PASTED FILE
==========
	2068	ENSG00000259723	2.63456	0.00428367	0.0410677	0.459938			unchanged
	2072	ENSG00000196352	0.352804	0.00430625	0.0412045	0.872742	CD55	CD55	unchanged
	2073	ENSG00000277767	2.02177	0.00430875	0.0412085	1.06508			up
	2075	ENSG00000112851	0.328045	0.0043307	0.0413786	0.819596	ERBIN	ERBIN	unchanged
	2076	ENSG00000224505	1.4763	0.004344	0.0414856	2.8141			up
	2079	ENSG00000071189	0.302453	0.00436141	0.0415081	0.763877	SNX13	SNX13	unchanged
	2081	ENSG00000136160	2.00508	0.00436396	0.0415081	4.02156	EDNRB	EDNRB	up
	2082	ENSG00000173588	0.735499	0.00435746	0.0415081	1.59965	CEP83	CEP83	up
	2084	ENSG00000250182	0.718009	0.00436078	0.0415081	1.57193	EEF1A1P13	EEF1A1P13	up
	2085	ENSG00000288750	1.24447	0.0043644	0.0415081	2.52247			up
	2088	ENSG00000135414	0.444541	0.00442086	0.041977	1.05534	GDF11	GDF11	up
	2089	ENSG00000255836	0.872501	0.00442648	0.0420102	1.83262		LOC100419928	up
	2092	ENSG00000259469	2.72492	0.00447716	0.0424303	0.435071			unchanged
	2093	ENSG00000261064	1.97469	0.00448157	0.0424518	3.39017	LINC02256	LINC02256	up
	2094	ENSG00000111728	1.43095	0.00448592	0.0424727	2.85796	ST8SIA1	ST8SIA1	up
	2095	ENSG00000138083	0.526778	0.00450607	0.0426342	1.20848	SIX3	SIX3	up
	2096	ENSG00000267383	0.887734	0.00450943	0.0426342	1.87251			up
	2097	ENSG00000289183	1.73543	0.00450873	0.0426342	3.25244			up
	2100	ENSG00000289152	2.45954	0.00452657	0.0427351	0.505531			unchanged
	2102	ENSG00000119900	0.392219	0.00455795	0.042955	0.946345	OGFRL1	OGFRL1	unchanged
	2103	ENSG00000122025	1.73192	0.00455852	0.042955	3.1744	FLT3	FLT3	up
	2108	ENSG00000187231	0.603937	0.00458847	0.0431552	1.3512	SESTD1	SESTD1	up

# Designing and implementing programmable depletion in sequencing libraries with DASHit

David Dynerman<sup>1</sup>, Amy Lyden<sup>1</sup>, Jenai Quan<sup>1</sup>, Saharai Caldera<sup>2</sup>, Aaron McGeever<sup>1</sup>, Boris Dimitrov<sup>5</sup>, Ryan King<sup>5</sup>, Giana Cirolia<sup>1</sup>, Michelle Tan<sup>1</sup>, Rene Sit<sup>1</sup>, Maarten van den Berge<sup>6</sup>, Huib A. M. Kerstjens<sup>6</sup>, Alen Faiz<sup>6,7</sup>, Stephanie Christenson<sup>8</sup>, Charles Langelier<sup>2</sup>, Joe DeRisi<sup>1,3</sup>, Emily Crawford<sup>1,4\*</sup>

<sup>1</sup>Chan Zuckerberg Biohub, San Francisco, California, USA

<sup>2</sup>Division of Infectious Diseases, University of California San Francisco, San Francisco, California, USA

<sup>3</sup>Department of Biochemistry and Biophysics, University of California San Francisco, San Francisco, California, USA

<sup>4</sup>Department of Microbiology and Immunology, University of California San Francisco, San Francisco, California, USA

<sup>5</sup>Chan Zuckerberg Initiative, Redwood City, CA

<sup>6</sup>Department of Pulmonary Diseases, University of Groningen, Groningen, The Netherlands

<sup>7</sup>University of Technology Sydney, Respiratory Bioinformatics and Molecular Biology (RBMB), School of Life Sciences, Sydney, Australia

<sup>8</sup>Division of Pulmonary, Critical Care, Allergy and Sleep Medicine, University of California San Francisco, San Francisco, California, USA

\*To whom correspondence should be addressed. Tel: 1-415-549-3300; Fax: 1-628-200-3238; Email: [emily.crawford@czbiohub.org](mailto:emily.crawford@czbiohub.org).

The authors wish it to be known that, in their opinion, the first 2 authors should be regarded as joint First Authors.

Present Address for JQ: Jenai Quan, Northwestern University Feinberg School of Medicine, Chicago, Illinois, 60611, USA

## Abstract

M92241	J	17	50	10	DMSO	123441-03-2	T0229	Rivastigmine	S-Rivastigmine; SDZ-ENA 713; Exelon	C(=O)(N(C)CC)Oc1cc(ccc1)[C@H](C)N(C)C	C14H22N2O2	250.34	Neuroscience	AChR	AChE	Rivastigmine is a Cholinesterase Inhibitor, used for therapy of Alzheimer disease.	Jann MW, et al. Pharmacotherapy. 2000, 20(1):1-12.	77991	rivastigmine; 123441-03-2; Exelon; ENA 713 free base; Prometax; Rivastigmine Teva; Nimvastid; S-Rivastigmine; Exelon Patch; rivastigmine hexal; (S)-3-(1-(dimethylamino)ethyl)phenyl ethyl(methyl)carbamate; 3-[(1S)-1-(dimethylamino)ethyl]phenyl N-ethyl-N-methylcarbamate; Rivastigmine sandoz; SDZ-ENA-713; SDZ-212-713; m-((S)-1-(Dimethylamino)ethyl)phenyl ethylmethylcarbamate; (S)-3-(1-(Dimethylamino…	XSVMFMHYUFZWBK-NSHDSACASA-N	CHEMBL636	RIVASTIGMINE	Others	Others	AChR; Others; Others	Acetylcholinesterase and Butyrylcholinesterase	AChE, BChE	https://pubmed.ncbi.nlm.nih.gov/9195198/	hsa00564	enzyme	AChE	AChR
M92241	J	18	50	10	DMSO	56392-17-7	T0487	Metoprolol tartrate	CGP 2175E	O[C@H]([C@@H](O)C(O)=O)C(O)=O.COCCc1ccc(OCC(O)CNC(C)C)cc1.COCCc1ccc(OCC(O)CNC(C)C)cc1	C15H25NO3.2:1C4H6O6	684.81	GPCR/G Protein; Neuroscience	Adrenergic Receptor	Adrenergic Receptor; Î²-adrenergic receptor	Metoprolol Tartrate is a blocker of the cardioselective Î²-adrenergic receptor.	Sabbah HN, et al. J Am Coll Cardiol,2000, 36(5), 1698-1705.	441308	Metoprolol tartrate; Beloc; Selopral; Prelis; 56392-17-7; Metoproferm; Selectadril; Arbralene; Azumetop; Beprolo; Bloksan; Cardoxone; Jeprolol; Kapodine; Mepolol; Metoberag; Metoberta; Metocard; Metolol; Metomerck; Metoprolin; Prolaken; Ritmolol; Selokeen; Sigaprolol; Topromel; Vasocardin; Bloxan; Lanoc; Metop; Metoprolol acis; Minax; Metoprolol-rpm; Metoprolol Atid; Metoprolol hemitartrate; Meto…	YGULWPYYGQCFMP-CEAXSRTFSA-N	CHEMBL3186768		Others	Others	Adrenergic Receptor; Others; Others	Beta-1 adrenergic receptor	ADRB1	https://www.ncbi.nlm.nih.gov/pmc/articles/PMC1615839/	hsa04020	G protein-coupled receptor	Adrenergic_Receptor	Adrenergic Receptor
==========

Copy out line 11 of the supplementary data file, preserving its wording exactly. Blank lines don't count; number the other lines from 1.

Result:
	2088	ENSG00000135414	0.444541	0.00442086	0.041977	1.05534	GDF11	GDF11	up